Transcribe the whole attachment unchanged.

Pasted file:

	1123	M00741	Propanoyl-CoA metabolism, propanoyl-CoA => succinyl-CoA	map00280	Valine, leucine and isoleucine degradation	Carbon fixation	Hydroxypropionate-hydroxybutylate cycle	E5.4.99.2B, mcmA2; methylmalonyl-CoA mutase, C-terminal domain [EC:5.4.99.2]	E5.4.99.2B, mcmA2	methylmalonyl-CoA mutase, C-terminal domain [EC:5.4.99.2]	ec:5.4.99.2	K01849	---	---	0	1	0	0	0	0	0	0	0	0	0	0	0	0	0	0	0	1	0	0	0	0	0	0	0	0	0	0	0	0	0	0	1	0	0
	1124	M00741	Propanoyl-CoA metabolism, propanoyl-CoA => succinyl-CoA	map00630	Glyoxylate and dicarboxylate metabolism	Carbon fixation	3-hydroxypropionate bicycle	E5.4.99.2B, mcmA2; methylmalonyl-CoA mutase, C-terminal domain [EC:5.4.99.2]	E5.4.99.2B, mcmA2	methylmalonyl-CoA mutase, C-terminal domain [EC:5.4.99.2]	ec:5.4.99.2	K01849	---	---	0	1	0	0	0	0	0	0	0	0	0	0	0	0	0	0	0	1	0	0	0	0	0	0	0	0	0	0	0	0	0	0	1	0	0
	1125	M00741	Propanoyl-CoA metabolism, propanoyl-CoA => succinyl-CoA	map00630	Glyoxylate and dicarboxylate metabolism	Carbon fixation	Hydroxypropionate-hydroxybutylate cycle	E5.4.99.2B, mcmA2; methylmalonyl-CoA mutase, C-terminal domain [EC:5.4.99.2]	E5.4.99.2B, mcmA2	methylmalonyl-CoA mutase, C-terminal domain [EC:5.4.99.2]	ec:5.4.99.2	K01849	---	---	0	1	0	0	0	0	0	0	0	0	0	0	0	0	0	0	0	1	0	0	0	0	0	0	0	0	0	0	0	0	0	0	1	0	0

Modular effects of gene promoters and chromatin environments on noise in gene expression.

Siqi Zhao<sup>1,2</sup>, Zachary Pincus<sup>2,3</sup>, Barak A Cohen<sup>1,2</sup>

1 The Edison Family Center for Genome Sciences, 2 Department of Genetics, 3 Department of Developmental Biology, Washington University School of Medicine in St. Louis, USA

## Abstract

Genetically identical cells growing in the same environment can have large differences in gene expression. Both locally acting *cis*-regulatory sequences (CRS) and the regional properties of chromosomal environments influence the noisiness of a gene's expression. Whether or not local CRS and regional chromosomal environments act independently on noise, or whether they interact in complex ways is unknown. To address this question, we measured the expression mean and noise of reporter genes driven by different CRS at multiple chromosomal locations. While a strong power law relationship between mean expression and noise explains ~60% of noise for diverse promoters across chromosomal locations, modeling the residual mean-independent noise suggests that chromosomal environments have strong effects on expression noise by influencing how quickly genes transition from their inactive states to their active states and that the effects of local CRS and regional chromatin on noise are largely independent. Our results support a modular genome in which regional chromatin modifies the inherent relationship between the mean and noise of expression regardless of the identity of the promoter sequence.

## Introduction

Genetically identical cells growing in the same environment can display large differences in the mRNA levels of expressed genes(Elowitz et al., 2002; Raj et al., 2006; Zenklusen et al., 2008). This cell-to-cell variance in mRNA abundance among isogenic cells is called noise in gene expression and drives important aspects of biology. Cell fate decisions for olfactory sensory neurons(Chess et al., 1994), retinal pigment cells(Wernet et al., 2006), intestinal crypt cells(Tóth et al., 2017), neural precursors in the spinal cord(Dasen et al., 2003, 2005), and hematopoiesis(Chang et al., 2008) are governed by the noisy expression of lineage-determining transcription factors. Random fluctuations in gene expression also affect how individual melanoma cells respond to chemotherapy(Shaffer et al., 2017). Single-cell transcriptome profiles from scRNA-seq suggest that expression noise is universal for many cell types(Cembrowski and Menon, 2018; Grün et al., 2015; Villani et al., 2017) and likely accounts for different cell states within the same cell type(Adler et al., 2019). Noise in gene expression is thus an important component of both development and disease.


	1123	M00741	Propanoyl-CoA metabolism, propanoyl-CoA => succinyl-CoA	map00280	Valine, leucine and isoleucine degradation	Carbon fixation	Hydroxypropionate-hydroxybutylate cycle	E5.4.99.2B, mcmA2; methylmalonyl-CoA mutase, C-terminal domain [EC:5.4.99.2]	E5.4.99.2B, mcmA2	methylmalonyl-CoA mutase, C-terminal domain [EC:5.4.99.2]	ec:5.4.99.2	K01849	---	---	0	1	0	0	0	0	0	0	0	0	0	0	0	0	0	0	0	1	0	0	0	0	0	0	0	0	0	0	0	0	0	0	1	0	0
	1124	M00741	Propanoyl-CoA metabolism, propanoyl-CoA => succinyl-CoA	map00630	Glyoxylate and dicarboxylate metabolism	Carbon fixation	3-hydroxypropionate bicycle	E5.4.99.2B, mcmA2; methylmalonyl-CoA mutase, C-terminal domain [EC:5.4.99.2]	E5.4.99.2B, mcmA2	methylmalonyl-CoA mutase, C-terminal domain [EC:5.4.99.2]	ec:5.4.99.2	K01849	---	---	0	1	0	0	0	0	0	0	0	0	0	0	0	0	0	0	0	1	0	0	0	0	0	0	0	0	0	0	0	0	0	0	1	0	0
	1125	M00741	Propanoyl-CoA metabolism, propanoyl-CoA => succinyl-CoA	map00630	Glyoxylate and dicarboxylate metabolism	Carbon fixation	Hydroxypropionate-hydroxybutylate cycle	E5.4.99.2B, mcmA2; methylmalonyl-CoA mutase, C-terminal domain [EC:5.4.99.2]	E5.4.99.2B, mcmA2	methylmalonyl-CoA mutase, C-terminal domain [EC:5.4.99.2]	ec:5.4.99.2	K01849	---	---	0	1	0	0	0	0	0	0	0	0	0	0	0	0	0	0	0	1	0	0	0	0	0	0	0	0	0	0	0	0	0	0	1	0	0

Modular effects of gene promoters and chromatin environments on noise in gene expression.

Siqi Zhao<sup>1,2</sup>, Zachary Pincus<sup>2,3</sup>, Barak A Cohen<sup>1,2</sup>

1 The Edison Family Center for Genome Sciences, 2 Department of Genetics, 3 Department of Developmental Biology, Washington University School of Medicine in St. Louis, USA

## Abstract

Genetically identical cells growing in the same environment can have large differences in gene expression. Both locally acting *cis*-regulatory sequences (CRS) and the regional properties of chromosomal environments influence the noisiness of a gene's expression. Whether or not local CRS and regional chromosomal environments act independently on noise, or whether they interact in complex ways is unknown. To address this question, we measured the expression mean and noise of reporter genes driven by different CRS at multiple chromosomal locations. While a strong power law relationship between mean expression and noise explains ~60% of noise for diverse promoters across chromosomal locations, modeling the residual mean-independent noise suggests that chromosomal environments have strong effects on expression noise by influencing how quickly genes transition from their inactive states to their active states and that the effects of local CRS and regional chromatin on noise are largely independent. Our results support a modular genome in which regional chromatin modifies the inherent relationship between the mean and noise of expression regardless of the identity of the promoter sequence.

## Introduction

Genetically identical cells growing in the same environment can display large differences in the mRNA levels of expressed genes(Elowitz et al., 2002; Raj et al., 2006; Zenklusen et al., 2008). This cell-to-cell variance in mRNA abundance among isogenic cells is called noise in gene expression and drives important aspects of biology. Cell fate decisions for olfactory sensory neurons(Chess et al., 1994), retinal pigment cells(Wernet et al., 2006), intestinal crypt cells(Tóth et al., 2017), neural precursors in the spinal cord(Dasen et al., 2003, 2005), and hematopoiesis(Chang et al., 2008) are governed by the noisy expression of lineage-determining transcription factors. Random fluctuations in gene expression also affect how individual melanoma cells respond to chemotherapy(Shaffer et al., 2017). Single-cell transcriptome profiles from scRNA-seq suggest that expression noise is universal for many cell types(Cembrowski and Menon, 2018; Grün et al., 2015; Villani et al., 2017) and likely accounts for different cell states within the same cell type(Adler et al., 2019). Noise in gene expression is thus an important component of both development and disease.